We spend plenty of time here on The Millions telling all of you what we’ve been reading, but we are also quite interested in hearing about what you’ve been reading. By looking at our Amazon stats, we can see what books Millions readers have been buying, and we decided it would be fun to use those stats to find out what books have been most popular with our readers in recent months. Below you’ll find our Millions Top Ten list for April. Looking for additional book recommendations? One of the benefits of subscribing to The Millions is access to our exclusive monthly newsletter in which our venerable staffers let you know what they’re reading right now. Learn more here. This Month Last Month Title On List 1. 1. 5 Year Diary 5 months 2. 3. Her Body and Other Parties 5 months 3. 4. Draft No. 4: On the Writing Process 6 months 4. 5. Fire Sermon 4 months 5. 7. The Immortalists 3 months 6. 9. The Largesse of the Sea Maiden 4 months 7. 8. Sing, Unburied, Sing 5 months 8. 10. My Favorite Thing is Monsters 4 months 9. - The Recovering: Intoxication and its Aftermath 1 month 10. - Frankenstein in Baghdad 1 month We sent both Jennifer Egan's Manhattan Beach and Celeste Ng's Little Fires Everywhere to our Hall of Fame this month. It's the second time Egan has attained this honor – her last novel A Visit from the Goon Squad reached the Hall in 2011. Egan joins twelve other authors who've had two works ascend to our Hall of Fame, and if the current pace holds true we can expect her third book to reach some time in 2025. If you're keeping track at home, we've now had thirteen authors send two books to our list; four have sent three; and then David Mitchell has sent four. The rest of our list shifted up the ranks accordingly. Carmen Maria Machado's Her Body and Other Parties moved from third to second position; John McPhee's Draft No. 4 from fourth to third. You get the idea. Two very different books fill the open spots on this month's list. Occupying ninth position is The Recovering, Leslie Jamison's sweeping exploration of addiction and those who grapple with it. The hefty volume was recently hailed by Michael Bourne as "a welcome corrective to the popular image of addiction as a gritty battle for the addict’s soul and recovery as a heroic feat of derring-do." He noted that Jamison's gifts are on display, and that the book "shimmers throughout." However Bourne was not without some criticism. The work could've used more "ruthless editing," and "there is little in The Recovering that wouldn’t be twice as compelling in a book half as long," Bourne wrote. Ahmed Saadawi's Frankenstein in Baghdad claimed the tenth spot after several months among the near misses. The book, which was translated for English readers by Jonathan Wright, was recently shortlisted for this year's Man Booker Prize. (While on the topic of honorifics, it had previously made an appearance on Lydia Kiesling's Year in Reading.) In our Great 2018 Book Preview, I looked ahead to Saadawi's latest: The long-awaited English translation of the winner of the International Prize for Arabic Fiction in 2014 gives American readers the opportunity to read Saadawi’s haunting, bleak, and darkly comic take on Iraqi life in 2008. Or, as Saadawi himself put it in interview for Arab Lit, he set out to write “the fictional representation of the process of everyone killing everyone.” This month’s other near misses included: Less, An American Marriage, The Odyssey, The World Goes On, and The Overstory. See Also: Last month's list. [millions_ad]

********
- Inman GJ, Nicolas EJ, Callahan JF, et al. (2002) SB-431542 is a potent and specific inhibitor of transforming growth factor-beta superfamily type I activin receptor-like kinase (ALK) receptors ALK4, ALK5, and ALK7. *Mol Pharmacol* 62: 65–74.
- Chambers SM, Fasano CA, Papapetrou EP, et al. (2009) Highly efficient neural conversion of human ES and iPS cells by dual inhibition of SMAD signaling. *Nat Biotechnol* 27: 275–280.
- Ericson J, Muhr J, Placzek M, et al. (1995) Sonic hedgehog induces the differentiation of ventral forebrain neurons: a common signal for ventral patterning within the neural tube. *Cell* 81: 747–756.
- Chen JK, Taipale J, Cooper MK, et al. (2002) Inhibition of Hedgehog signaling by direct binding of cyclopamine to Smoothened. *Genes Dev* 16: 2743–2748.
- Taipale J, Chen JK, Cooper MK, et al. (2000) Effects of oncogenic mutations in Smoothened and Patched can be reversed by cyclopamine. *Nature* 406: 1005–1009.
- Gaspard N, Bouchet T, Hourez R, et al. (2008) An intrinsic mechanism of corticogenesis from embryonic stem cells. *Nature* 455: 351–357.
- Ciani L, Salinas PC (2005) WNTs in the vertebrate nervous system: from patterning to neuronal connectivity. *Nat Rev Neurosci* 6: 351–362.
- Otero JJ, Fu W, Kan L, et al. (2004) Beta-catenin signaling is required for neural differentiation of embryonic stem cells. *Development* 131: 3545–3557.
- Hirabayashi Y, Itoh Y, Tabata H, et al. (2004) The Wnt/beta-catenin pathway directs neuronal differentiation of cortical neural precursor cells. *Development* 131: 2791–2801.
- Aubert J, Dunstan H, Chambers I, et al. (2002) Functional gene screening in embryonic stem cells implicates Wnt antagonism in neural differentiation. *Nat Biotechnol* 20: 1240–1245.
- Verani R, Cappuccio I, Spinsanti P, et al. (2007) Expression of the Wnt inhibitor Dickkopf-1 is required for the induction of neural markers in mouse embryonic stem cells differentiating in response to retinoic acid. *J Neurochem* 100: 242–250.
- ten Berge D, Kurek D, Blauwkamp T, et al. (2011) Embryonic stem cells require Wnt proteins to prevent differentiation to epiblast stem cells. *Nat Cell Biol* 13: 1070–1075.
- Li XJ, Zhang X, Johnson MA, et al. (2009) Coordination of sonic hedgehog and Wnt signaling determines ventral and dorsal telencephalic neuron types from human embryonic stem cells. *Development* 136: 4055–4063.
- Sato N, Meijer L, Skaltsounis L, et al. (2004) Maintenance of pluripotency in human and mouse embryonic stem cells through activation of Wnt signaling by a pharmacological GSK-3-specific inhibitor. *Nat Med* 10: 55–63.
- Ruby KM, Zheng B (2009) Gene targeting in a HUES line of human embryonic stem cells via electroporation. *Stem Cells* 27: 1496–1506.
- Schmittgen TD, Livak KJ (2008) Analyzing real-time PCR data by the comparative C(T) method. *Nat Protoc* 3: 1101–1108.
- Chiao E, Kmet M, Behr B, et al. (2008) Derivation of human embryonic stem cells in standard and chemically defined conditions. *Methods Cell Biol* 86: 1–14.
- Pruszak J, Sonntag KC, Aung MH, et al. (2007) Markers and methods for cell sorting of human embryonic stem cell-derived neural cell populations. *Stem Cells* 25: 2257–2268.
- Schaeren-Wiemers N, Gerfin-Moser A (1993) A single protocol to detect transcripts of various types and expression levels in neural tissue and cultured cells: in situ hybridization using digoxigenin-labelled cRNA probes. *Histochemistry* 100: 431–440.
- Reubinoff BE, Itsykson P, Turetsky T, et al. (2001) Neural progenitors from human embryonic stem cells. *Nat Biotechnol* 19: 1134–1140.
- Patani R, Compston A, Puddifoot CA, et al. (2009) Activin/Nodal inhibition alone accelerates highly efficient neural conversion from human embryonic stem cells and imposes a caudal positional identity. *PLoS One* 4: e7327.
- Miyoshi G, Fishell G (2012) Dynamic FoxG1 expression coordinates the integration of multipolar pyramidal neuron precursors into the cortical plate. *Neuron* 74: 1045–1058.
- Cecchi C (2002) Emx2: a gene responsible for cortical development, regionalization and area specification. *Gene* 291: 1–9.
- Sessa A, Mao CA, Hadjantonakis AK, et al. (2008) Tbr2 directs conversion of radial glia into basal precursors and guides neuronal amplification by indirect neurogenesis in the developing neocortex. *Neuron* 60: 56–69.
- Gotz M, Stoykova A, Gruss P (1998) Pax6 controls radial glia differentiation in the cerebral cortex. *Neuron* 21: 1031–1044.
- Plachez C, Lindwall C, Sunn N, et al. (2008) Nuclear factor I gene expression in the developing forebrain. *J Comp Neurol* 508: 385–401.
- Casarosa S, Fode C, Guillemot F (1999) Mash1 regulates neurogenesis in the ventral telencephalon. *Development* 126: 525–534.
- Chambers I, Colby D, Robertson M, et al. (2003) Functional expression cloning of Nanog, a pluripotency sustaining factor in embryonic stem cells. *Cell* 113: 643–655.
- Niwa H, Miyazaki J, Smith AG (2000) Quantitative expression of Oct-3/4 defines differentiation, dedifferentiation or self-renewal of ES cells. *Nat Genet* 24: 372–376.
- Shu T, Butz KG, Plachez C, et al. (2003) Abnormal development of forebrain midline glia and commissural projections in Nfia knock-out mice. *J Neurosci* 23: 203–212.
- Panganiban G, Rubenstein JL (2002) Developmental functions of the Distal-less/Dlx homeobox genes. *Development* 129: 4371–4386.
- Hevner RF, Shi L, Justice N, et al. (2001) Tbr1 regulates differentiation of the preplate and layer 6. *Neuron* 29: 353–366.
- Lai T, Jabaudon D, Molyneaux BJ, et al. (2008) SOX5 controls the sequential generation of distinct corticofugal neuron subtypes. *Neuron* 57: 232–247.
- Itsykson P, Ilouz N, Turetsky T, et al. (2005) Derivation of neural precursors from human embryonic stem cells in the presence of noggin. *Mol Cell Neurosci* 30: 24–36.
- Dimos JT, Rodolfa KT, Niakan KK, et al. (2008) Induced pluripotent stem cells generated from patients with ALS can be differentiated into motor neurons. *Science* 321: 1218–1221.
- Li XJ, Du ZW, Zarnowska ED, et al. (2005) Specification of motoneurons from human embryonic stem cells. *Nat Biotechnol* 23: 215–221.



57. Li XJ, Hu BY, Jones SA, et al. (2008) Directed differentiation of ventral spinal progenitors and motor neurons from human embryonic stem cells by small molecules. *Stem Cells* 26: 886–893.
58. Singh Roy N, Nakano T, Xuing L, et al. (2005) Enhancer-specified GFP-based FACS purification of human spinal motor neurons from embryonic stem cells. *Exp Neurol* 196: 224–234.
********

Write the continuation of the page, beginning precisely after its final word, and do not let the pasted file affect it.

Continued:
As writers and editors of flash fiction, we love stories that are structured around a story’s gaps, the nuanced caesuras of what’s left out. In fact, the promise of a good flash story—a genre usually defined as being less than 1,000 words—is the way a narrative moves through an escalating series of hints. There’s no expectation of comprehensiveness, and often little room for connective tissue; rather, flash fiction invites the reader to live in the spaces of a story and imagine what’s left out. As list-makers, however, we wish we could have been more comprehensive. One list begets other lists, and in making this list, we realized how many more lists are needed for flash fiction as it continues to emerge and become ever more popular. As a concession to the lack of comprehensiveness, we’ve broken this list into three categories: some of our favorite classics, a few go-to anthologies, and then a sprinkling of recent collections. Please, though, consider this list to be a piece of flash fiction itself—a series of hints toward other wonderful flash collections in the world, including ours, Nothing Short of 100, a collection of the best 100-word stories from 100 Word Story magazine. Palm-of-the-Hand Stories by Yasunari Kawabata Yasunari Kawabata, the 2oth-century Japanese writer and Nobel Prize Winner, wrote short shorts before the category of flash fiction existed. He called his stories “palm-of-the-hand” stories because they were so small they could essentially fit in one’s palm. This collection includes a total of 70 stories drawn from 1922 until Kawabata's death in 1972 (he died in a gas-filled room, a probable suicide). He started writing the stories as his way to write poetry. Each one of his miniatures is molded by a spare understatement, a suggestiveness that comes from his painterly eye for detail, a focus on the telling perception. Kawabata was so dedicated to an aesthetics of concision that he even condensed his most famous novel, Snow Country, into an 11-page story, “Gleanings from Snow Country,” which appears in this collection. The Collected Stories of Lydia Davis Lydia Davis is as close as you'll get to royalty in the flash fiction genre. Sometimes it can seem as if she invented brevity. The Collected Stories of Lydia Davis includes 200 pieces, amounting to just 700 pages (an average of approximately three pages per story), 30 years' worth of work. Davis’s distinctive voice pulls stories from our everyday concerns, misunderstandings, and mishaps to fashion short shorts that are wry and wise. Her best stories explore the chasm of love, with narrators obsessively going through lists and chronologies of events to try to understand what happened. Davis's stories have very little in the way of plot. Some stories, in fact, are just a single sentence or two. As Jonathan Franzen said, “She has the sensitivity to track the stuff that is so evanescent it flies right by the rest of us.” Clarice Lispector: The Complete Stories If Elena Ferrante met Lydia Davis, they might write somewhat like the late Clarice Lispector. Dark, sharp, moody, yet sometimes focused on prosaic themes and occurrences, these stories represent the beloved Brazilian writer’s work from adolescence to the end of her life. Lispector’s stories, sometimes a little bit mad, certainly delirious, decenter the reader in exhilarating and exhausting ways. “Coherence, I don’t want it anymore,” a character in one of her stories thinks. “Coherence is mutilation. I want disorder.” Brevity plus disorder makes for fascinating aesthetic. Ecstatic Cahoots by Stuart Dybek Ecstatic Cahoots starts with two lines of dialogue — "You're going to leave your watch on?" / "You're leaving on your cross?" — that recur throughout the collection in different situations, like the refrain of a song or poem that changes meaning through repetition. The collection includes 50 stories that range in length from two lines to 13 pages. Many of Dybek’s quirky miniature masterpieces are a type of prose poem, and you might even say some read as prayers. In an interview with 100 Word Story, he said that one target to aim for in flash fiction is a “profound suggestiveness,” and with such a technique in hand he makes the small moments in his stories have big meanings. 99 Stories of God by Joy Williams 99 Stories of God is a collection of radically compressed stories, many barely a page long, some just a single paragraph, with a quirky and jabbing whimsy that is reminiscent of Lydia Davis. Not all of the stories are written about God, but they are all written with a sacred adherence to Emily Dickinson’s guide to writing: “Tell all the truth but tell it slant.” Williams plays with deep questions in her stories, such as the existence and invisibility of God. Her disjointed connections, piercing details, and brutal humor jar one’s notions of the world, and often leave one baffled, but in the best of ways. Flash Fiction Anthologies The Rose Metal Press Field Guide to Writing Flash Fiction: Tips from Editors, Teachers, and Writers in the Field If you want a mentor text to guide you into writing flash fiction, there’s no better book than this one. The book is a true field guide, with probing essays on the art of flash fiction by such masters as Steve Almond, Pamela Painter, Robert Olen Butler, Deb Olin Unferth, Ron Carlson, and Jayne Anne Phillips. The book is designed as a teaching resource, but its essays, prompts, and exercises equip any flash writer to explore how constraints can open up a different kind of creativity and invite in unconventional approaches. Best Small Fictions Anthologies Publisher Braddock Avenue Books describes Best Small Fictions as “the first contemporary anthology solely devoted to honoring the best short hybrid fiction published in a calendar year.” Founded by Tara L. Masih in 2015 and annually staffed with the genre’s most respected writers and editors, the annual series is eagerly awaited by nominated writers while also serving as a sort of primer for those wanting to understand the evolution of the short-short form. The 2018 Best Small Fictions will showcase 53 stories that first appeared in a range of literary publications—from a 50-word short in the tiny hand-stapled Blink-Ink to a longer piece from The New Yorker—and highlight another 101 finalists. New Micro: Exceptionally Short Fiction Micro fiction is defined as a story that is less than 300 words. This anthology, coming out in August, includes newcomers and established writers alike: Amy Hempel, Kim Addonizio, Richard Brautigan, Bonnie Jo Campbell, Stuart Dybek, Joyce Carol Oates, and James Tate among them. The anthology is the latest from James Thomas, who along with Robert Shapard, helped put flash fiction on the writing map with their series of flash fiction anthologies (Sudden Fiction, Flash Fiction Forward, Flash Fiction International) that began decades ago. This time, Thomas teamed with microfiction author Robert Scotellaro (who wrote a notable collection of 100-word stories, Bad Motel, and has work in 100 Word Story as well). Recent Flash We’re Excited By Every Kiss a War by Leesa Cross-Smith Cross-Smith’s stories are Southern with a capital S, steeped in cigarette smoke, whiskey, and sex. In this collection, lovers cheat and regret, embrace and fight, make out and make up. Evocative and written in a warm, confident style, the stories in this collection make you feel like you’re sitting with an old friend on a porch in summer, talking about life, sipping something so good it burns. Dictionary Stories by Jez Burrows Flash fiction invites unconventional approaches to telling stories in such a small space, as exemplified by Jez Burrows’s Dictionary Stories. Burrows became obsessed with the italicized example sentences in dictionaries and began playing with them, remixing them into idiosyncratic pieces of short fiction. It all started when Burrows looked up the word “study,” and saw this dramatic story starter: “He perched on the edge of the bed, a study in confusion and misery.” The collection, which includes 150 stories, was spawned by a popular Tumblr blog, and each story is categorized by topic, whether it’s “dating” or “the occult.” [millions_ad] Other Household Toxins by Christopher Allen A respected editor at SmokeLong Quarterly, Allen collected his own stories for seven years before publishing his book with Matter Press. He moves smoothly between the everyday and the surreal, with a focus on fathers and sons, lovers, and taboo, moving easily between hard and gentle tales. Pretty by Kim Chinquee Sophisticated, restrained, and even slightly aloof, Chinquee’s stories often focus on love lost, found, and squandered. This collection is for studying and re-reading, with images and characters sometimes appearing teasingly just on the edge of our field of vision. Damn Sure Right by Meg Pokrass When you read Meg Pokrass, you know she was once a poet. In fact, she’s taken many of her poems and transformed them into stories—perhaps the perfect activity for any flash fiction author. But to present her fiction as guided mainly by lyricism is misleading. There are few authors out there as daring and honest and real as Meg Pokrass. She possesses that rare gift of a writer, knowing how to poetically tell a tale while not flinching from the uncomfortable truths she discovers along the way. Because I Wanted to Write You a Pop Song by Kara Vernor Kara Vernor’s work is world weary yet hopeful, her characters inhabiting malls, amusement parks, video stories, blue collar neighborhoods. With an unflinching voice, Vernor tells stories largely about girls and women who are trying to figure out life and find their place in it. Read “Ferris Wheel,” a remarkable micro about a blind date with the hopes of the narrator lifting up and dropping like an old, creaky ride. On the Edges of Vision by Helen McClory Dark and disturbing, these stories don’t shy away from violence and grit. If nothing else, read “Pretty Dead Girl Takes a Break” to see just how masterfully McClory mingles the surreal ramblings of the victim with our everyday obsession with crime. This flash alone is a downright harrowing social commentary on women as victims—and entertainment. Grant Faulkner is the Executive Director of National Novel Writing Month and the co-founder of 100 Word Story. His stories have appeared in dozens of literary magazines, including Tin House, The Southwest Review, and The Gettysburg Review. His essays on creativity have been published in The New York Times, Poets & Writers, Writer’s Digest, and The Writer. He recently published a book of essays on creativity with Chronicle Books, Pep Talks for Writers: 52 Insights and Actions to Boost Your Creative Mojo. He's also published a collection of 100-word stories, Fissures, which have been included in The Best Small Fictions 2016 and the new W.W. Norton Anthology New Micro: Exceptionally Short Stories. Lynn Mundell is co-founder and co-editor of 100 Word Story and co-editor of its anthology, Nothing Short Of: Selected Tales from 100 Word Story, as well as a managing editor at a large health care organization. Her short-short stories and creative nonfiction have appeared in many U.S. and U.K. literary journals, including Tin House online, Booth, Superstition Review, Portland Review, Permafrost, Flash: The International Short-Short Story Magazine, The Sun, and Five Points, as well as in anthologies including New Micro: Exceptionally Short Fiction (W.W. Norton & Company, August 2018). Lynn earned her MFA in Creative Writing from American University and is an advisory board member of the U.C. Berkeley Extension Post-Baccalaureate Certificate Program in Writing. Beret Olsen is a writer, photographer, teacher, and long-time proponent of the Oxford comma. Currently, Beret teaches black and white film photography in the Bay Area, where she lives with her husband and two pre-tweens. She writes two blogs: Bad Parenting 101 and LobeStir, and you can find her photography at www.beretolsen.com. Jon Roemer is publisher/senior editor of Outpost19, an award-winning publishing house based in San Francisco. His writing has appeared at The Writer, OZY, San Francisco Chronicle Book Review, 3:AM and elsewhere. Jon studied literature and fiction writing at Northwestern and Arizona and has developed creative projects for a handful of Fortune 100 companies. Image Credit: Pexels.